A comprehensive global study of the MLTI region has neverbefore been accomplished. Ground-based instruments can onlyobserve a small portion of the upper atmosphere located over anobservation site. This region is too high for balloons to reach.Sounding rockets (rockets that fly into the upper atmosphere for justa few minutes before falling back down) can only provide a briefsnapshot of the MLTI region’s activity near the rocket.Other spacecraft have studied portions of the MLTI region, butTIMED will be the first mission to obtain a global picture of it, whichscientists need to better understand our upper atmosphere. TheTIMED mission will establish a baseline against which future studiesof changes within this region can be compared and analyzed.The TIMED spacecraft will observe this relatively unexploredfrontier from its 388-mile (625-kilometer) circular orbit around theEarth. Employing advances in remote-sensing technology, thespacecraft’s instrument suite will work with a worldwide network ofground-based observation sites to obtain an unprecedented set ofcomprehensive global measurements of the region’s temperature,pressure, wind and chemical composition, along with itsenergy inputs and outputs.
For centuries, scientists have realized that Earth’s naturalenvironment is greatly impacted by the abundance of solar energystriking the Earth from a constantly changing sun. Over the last fewyears, they have begun to realize that human activities are also playinga role in changing our environment.By studying portions of Earth’s atmosphere, scientists believeglobal change is occurring, primarily due to variations in the sun’scycle and from human-induced changes to the atmosphere by therelease of gases such as methane and carbon dioxide.Despite signs of global change, scientists haven’t hada benchmark against which future changes in Earth’s upperatmosphere can be globally compared, analyzed orpredicted because there are still portions of this solar- terrestrial chain, including regions within Earth’satmosphere, that are poorly understood.The TIMED (Thermosphere, Ionosphere, Mesosphere,Energetics and Dynamics) mission will study the influencesof the sun and humans on the least explored and understoodregion of Earth’s atmosphere—the Mesosphere and LowerThermosphere/Ionosphere (MLTI). The MLTI region is agateway between Earth’s environment and space, where the sun’s energy is first deposited into Earth’s environment.TIMED will focus on a portion of this region locatedapproximately 40–110 miles (60–180 kilometers) above thesurface.In a society increasingly dependent on satellite technology and communications, it is vital to understand the variability within this critical region of Earth’satmosphere so that scientists can predict its effects oncommunications, satellite tracking, spacecraft lifetimes,degradation of spacecraft materials and the reentry ofpiloted vehicles. TIMED’s study of space weather will help scientistsgain a better understanding of the dynamics of this gateway region.The TIMED spacecraft is the initial mission in NASA’s SolarTerrestrial Probes (STP) Program, part of NASA’s init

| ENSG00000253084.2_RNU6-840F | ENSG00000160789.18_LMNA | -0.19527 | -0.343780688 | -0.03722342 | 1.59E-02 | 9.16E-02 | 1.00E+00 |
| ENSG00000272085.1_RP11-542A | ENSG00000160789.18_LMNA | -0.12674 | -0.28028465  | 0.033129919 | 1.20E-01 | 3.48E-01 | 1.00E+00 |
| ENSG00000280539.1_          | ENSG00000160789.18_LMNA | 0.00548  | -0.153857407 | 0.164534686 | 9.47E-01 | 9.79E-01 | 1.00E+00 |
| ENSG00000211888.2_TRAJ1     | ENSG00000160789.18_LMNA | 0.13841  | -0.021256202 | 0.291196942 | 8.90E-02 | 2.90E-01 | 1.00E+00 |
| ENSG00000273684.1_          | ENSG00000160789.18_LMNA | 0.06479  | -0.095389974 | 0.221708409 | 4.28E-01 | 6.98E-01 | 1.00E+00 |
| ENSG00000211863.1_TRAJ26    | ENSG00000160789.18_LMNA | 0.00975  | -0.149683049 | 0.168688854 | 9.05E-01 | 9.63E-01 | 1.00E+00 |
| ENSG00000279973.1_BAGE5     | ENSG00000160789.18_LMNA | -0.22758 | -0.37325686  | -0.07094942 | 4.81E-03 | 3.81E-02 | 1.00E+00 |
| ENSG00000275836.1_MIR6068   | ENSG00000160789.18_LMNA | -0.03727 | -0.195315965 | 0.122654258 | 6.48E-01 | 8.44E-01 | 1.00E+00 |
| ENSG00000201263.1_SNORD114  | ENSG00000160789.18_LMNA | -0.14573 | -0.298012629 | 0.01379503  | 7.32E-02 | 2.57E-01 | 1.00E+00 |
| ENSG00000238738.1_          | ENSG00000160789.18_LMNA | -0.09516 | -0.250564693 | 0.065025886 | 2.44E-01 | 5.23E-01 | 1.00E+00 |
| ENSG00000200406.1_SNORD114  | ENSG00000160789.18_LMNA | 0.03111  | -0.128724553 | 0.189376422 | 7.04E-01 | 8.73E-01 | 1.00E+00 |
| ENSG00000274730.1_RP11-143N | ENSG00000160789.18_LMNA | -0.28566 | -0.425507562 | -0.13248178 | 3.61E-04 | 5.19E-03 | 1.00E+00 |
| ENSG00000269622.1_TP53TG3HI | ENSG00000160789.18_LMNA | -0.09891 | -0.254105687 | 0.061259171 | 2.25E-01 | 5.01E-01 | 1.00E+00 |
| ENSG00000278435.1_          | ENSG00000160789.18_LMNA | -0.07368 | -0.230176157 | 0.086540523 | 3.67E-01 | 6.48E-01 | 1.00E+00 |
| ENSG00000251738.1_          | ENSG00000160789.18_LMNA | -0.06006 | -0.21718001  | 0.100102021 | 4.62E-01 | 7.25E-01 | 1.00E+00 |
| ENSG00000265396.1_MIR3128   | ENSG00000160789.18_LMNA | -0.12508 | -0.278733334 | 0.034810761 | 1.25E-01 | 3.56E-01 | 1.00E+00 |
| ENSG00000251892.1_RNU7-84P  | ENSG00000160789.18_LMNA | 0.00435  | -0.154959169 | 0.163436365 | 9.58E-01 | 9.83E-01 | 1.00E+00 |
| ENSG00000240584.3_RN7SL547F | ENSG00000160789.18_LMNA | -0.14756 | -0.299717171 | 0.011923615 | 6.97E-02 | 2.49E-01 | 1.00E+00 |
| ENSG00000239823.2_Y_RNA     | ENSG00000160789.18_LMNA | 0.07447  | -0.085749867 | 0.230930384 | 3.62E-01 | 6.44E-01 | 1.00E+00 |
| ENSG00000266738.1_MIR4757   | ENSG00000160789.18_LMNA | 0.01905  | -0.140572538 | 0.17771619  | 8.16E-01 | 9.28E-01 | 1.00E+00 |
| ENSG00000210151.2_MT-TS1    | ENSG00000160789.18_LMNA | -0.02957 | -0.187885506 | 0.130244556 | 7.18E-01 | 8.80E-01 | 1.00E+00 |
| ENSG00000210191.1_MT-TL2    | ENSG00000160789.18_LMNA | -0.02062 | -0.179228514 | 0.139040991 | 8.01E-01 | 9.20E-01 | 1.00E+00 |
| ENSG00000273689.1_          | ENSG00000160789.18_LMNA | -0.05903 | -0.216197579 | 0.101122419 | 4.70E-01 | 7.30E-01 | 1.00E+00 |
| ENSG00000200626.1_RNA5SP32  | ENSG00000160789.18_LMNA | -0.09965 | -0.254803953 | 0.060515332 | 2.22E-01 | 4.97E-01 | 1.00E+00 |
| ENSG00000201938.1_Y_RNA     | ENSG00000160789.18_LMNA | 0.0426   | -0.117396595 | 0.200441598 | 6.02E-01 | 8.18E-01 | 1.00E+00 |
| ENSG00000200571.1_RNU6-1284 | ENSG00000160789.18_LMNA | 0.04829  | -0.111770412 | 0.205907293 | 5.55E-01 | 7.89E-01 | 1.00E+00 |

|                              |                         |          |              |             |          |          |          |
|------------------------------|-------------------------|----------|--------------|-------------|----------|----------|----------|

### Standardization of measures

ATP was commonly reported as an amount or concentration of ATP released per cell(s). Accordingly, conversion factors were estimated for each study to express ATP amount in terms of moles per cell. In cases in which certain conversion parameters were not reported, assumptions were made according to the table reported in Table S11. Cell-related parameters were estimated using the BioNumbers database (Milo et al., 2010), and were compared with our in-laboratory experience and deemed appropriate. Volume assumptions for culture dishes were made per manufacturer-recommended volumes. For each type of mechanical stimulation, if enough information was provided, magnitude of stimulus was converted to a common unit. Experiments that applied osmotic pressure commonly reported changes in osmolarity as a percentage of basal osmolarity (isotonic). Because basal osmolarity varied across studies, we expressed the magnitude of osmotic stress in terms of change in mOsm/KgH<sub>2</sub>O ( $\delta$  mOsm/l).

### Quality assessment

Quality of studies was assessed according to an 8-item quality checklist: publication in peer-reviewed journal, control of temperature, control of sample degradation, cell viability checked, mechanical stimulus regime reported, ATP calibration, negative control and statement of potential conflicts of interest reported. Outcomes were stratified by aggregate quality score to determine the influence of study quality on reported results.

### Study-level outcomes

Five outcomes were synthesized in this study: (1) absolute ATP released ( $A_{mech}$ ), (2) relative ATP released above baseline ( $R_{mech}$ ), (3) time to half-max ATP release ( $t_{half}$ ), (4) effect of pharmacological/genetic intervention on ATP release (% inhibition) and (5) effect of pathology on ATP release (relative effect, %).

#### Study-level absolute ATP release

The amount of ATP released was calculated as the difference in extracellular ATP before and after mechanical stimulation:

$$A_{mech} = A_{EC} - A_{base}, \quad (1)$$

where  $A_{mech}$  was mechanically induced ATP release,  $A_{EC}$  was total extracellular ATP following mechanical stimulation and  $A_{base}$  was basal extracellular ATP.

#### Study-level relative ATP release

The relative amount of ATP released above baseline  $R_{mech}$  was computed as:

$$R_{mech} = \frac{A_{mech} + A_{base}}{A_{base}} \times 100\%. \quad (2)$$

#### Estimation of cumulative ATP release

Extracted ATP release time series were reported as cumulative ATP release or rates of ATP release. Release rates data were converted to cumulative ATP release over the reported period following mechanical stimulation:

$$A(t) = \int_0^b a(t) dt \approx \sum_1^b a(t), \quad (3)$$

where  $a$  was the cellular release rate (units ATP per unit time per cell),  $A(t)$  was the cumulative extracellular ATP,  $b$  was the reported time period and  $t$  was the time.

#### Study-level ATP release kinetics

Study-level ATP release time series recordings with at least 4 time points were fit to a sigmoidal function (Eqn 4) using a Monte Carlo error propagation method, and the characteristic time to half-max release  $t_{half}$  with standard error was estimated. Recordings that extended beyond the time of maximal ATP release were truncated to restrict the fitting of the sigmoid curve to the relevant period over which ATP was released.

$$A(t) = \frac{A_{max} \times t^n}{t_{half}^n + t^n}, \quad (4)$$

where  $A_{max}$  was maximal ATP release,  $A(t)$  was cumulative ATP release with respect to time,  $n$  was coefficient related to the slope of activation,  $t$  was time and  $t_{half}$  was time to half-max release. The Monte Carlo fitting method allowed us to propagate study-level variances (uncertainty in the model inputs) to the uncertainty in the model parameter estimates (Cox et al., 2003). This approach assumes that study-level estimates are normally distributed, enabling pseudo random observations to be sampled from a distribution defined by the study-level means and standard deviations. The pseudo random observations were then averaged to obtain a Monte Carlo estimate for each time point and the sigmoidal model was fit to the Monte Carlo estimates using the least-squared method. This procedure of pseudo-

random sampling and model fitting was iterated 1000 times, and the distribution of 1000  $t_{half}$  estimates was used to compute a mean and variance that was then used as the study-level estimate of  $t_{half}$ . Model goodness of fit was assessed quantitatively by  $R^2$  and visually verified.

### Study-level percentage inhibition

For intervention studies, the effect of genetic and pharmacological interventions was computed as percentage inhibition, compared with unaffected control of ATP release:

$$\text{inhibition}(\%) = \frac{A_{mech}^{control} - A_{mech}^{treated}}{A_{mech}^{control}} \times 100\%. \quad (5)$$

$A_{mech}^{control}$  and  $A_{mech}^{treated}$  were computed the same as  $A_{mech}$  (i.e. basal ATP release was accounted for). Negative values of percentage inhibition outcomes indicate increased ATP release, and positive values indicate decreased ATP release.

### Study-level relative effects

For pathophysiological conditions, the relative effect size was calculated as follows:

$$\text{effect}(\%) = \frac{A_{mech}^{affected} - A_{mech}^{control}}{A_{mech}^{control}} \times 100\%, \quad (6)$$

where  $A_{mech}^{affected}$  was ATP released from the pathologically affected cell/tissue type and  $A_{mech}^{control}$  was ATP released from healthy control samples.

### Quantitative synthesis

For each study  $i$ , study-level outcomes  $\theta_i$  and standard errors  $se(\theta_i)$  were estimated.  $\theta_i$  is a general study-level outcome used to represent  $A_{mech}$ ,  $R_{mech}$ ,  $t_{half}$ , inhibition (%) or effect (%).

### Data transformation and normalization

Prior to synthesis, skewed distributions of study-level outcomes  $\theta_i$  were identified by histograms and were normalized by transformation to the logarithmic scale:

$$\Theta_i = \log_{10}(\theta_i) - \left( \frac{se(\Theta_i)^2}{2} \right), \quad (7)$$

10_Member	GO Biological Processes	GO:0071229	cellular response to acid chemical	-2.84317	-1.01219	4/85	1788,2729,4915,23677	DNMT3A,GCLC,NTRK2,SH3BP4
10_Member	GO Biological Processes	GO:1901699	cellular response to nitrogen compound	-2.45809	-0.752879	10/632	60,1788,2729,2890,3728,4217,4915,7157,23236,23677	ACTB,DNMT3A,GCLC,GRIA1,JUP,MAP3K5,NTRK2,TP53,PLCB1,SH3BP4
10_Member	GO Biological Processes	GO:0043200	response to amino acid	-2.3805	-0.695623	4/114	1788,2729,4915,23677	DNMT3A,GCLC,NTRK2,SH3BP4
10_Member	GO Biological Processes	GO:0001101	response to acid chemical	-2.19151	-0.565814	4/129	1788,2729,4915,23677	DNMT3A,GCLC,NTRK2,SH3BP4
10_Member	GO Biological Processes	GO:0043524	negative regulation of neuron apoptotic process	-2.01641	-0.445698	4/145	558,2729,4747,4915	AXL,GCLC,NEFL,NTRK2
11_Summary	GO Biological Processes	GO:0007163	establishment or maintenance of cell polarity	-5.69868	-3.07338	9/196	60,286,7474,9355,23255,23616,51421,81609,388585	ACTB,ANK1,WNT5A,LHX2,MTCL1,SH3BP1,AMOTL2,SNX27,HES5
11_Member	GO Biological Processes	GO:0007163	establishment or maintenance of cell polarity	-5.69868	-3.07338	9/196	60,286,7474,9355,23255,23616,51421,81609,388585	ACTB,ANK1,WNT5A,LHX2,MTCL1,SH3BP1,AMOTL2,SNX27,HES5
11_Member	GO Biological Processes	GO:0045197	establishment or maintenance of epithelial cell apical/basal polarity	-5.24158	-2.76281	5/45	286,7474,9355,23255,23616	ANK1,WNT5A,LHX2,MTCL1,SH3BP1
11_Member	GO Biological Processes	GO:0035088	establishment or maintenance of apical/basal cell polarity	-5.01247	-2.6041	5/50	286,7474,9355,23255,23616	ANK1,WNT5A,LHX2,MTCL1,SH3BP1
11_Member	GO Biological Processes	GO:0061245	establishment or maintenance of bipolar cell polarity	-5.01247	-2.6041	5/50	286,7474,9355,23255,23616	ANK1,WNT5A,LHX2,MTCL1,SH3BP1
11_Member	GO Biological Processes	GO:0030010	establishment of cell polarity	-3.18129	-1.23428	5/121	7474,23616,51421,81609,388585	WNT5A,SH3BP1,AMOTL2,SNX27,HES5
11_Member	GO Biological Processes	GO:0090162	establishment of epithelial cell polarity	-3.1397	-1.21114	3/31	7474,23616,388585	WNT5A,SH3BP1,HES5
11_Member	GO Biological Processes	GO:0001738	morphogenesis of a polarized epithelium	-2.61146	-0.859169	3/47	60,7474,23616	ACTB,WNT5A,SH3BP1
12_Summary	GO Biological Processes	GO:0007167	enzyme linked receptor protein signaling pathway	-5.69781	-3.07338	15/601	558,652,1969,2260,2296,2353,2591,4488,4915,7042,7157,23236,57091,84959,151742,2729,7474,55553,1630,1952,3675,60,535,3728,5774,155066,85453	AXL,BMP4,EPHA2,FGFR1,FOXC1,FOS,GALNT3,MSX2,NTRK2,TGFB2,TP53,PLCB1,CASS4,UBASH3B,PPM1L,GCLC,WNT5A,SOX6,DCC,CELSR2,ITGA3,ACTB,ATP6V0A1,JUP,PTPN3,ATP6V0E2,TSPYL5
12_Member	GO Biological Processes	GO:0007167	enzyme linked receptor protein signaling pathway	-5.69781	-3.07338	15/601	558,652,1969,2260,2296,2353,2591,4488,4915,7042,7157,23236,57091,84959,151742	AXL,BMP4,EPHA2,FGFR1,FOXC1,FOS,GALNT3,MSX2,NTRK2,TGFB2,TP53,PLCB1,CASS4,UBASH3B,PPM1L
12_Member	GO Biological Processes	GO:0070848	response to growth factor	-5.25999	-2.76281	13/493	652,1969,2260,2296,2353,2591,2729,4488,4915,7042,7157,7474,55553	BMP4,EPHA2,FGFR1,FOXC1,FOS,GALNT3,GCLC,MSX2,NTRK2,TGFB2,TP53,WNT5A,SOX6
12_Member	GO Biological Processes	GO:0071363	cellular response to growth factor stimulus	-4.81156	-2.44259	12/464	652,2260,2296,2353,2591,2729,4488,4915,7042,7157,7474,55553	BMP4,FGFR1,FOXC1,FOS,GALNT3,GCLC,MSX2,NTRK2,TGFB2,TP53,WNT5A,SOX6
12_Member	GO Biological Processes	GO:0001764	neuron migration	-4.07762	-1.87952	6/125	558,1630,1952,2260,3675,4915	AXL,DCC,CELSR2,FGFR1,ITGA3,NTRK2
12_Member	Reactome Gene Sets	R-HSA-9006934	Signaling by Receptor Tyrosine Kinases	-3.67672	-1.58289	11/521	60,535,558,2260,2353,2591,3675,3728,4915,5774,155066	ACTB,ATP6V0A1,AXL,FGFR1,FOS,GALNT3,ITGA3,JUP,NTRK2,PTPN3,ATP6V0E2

iative to lowermission costs and provide more frequent access to space tosystematically study the sun-Earth system. The mission is sponsoredby NASA’s Office of Space Science, Washington, D.C., and is managedby NASA’s Goddard Space Flight Center, Greenbelt, Md. The JohnsHopkins University Applied Physics Laboratory (APL), in Laurel, Md.,designed, built and is operating the spacecraft forNASA. APL is also leading the project’s science effortduring the mission.